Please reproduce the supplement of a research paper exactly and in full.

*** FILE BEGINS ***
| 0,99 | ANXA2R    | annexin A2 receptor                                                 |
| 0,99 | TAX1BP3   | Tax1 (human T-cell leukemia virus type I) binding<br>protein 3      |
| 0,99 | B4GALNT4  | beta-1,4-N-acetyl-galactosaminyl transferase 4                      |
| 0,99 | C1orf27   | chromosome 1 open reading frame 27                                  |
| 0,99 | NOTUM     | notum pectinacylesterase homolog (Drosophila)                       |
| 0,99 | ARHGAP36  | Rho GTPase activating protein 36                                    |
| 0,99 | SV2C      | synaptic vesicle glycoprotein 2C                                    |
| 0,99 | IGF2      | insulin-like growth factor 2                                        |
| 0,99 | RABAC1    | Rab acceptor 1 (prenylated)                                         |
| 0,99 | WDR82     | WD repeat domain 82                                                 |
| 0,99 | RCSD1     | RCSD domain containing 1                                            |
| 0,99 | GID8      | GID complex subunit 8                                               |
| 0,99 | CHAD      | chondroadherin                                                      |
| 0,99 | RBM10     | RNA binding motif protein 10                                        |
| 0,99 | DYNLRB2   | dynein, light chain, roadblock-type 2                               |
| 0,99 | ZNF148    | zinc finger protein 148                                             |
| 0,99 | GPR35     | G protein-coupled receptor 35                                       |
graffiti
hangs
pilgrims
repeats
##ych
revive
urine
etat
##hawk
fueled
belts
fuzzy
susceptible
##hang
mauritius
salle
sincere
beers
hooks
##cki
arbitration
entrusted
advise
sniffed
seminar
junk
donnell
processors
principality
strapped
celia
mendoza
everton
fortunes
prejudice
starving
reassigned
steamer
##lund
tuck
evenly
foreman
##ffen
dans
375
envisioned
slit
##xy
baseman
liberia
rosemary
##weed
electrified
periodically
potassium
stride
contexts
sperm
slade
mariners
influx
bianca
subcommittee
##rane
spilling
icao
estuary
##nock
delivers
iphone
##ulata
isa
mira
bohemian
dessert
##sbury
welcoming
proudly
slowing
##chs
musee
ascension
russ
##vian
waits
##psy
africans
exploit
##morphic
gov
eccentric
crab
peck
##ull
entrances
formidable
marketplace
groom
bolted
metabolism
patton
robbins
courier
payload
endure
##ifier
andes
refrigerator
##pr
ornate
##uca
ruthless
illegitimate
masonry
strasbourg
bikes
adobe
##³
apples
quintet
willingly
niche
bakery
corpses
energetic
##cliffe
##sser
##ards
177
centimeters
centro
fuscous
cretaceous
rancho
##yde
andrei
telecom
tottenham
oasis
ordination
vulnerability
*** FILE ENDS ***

| 0,99 | ANXA2R    | annexin A2 receptor                                                 |
| 0,99 | TAX1BP3   | Tax1 (human T-cell leukemia virus type I) binding<br>protein 3      |
| 0,99 | B4GALNT4  | beta-1,4-N-acetyl-galactosaminyl transferase 4                      |
| 0,99 | C1orf27   | chromosome 1 open reading frame 27                                  |
| 0,99 | NOTUM     | notum pectinacylesterase homolog (Drosophila)                       |
| 0,99 | ARHGAP36  | Rho GTPase activating protein 36                                    |
| 0,99 | SV2C      | synaptic vesicle glycoprotein 2C                                    |
| 0,99 | IGF2      | insulin-like growth factor 2                                        |
| 0,99 | RABAC1    | Rab acceptor 1 (prenylated)                                         |
| 0,99 | WDR82     | WD repeat domain 82                                                 |
| 0,99 | RCSD1     | RCSD domain containing 1                                            |
| 0,99 | GID8      | GID complex subunit 8                                               |
| 0,99 | CHAD      | chondroadherin                                                      |
| 0,99 | RBM10     | RNA binding motif protein 10                                        |
| 0,99 | DYNLRB2   | dynein, light chain, roadblock-type 2                               |
| 0,99 | ZNF148    | zinc finger protein 148                                             |
| 0,99 | GPR35     | G protein-coupled receptor 35                                       |
graffiti
hangs
pilgrims
repeats
##ych
revive
urine
etat
##hawk
fueled
belts
fuzzy
susceptible
##hang
mauritius
salle
sincere
beers
hooks
##cki
arbitration
entrusted
advise
sniffed
seminar
junk
donnell
processors
principality
strapped
celia
mendoza
everton
fortunes
prejudice
starving
reassigned
steamer
##lund
tuck
evenly
foreman
##ffen
dans
375
envisioned
slit
##xy
baseman
liberia
rosemary
##weed
electrified
periodically
potassium
stride
contexts
sperm
slade
mariners
influx
bianca
subcommittee
##rane
spilling
icao
estuary
##nock
delivers
iphone
##ulata
isa
mira
bohemian
dessert
##sbury
welcoming
proudly
slowing
##chs
musee
ascension
russ
##vian
waits
##psy
africans
exploit
##morphic
gov
eccentric
crab
peck
##ull
entrances
formidable
marketplace
groom
bolted
metabolism
patton
robbins
courier
payload
endure
##ifier
andes
refrigerator
##pr
ornate
##uca
ruthless
illegitimate
masonry
strasbourg
bikes
adobe
##³
apples
quintet
willingly
niche
bakery
corpses
energetic
##cliffe
##sser
##ards
177
centimeters
centro
fuscous
cretaceous
rancho
##yde
andrei
telecom
tottenham
oasis
ordination
vulnerability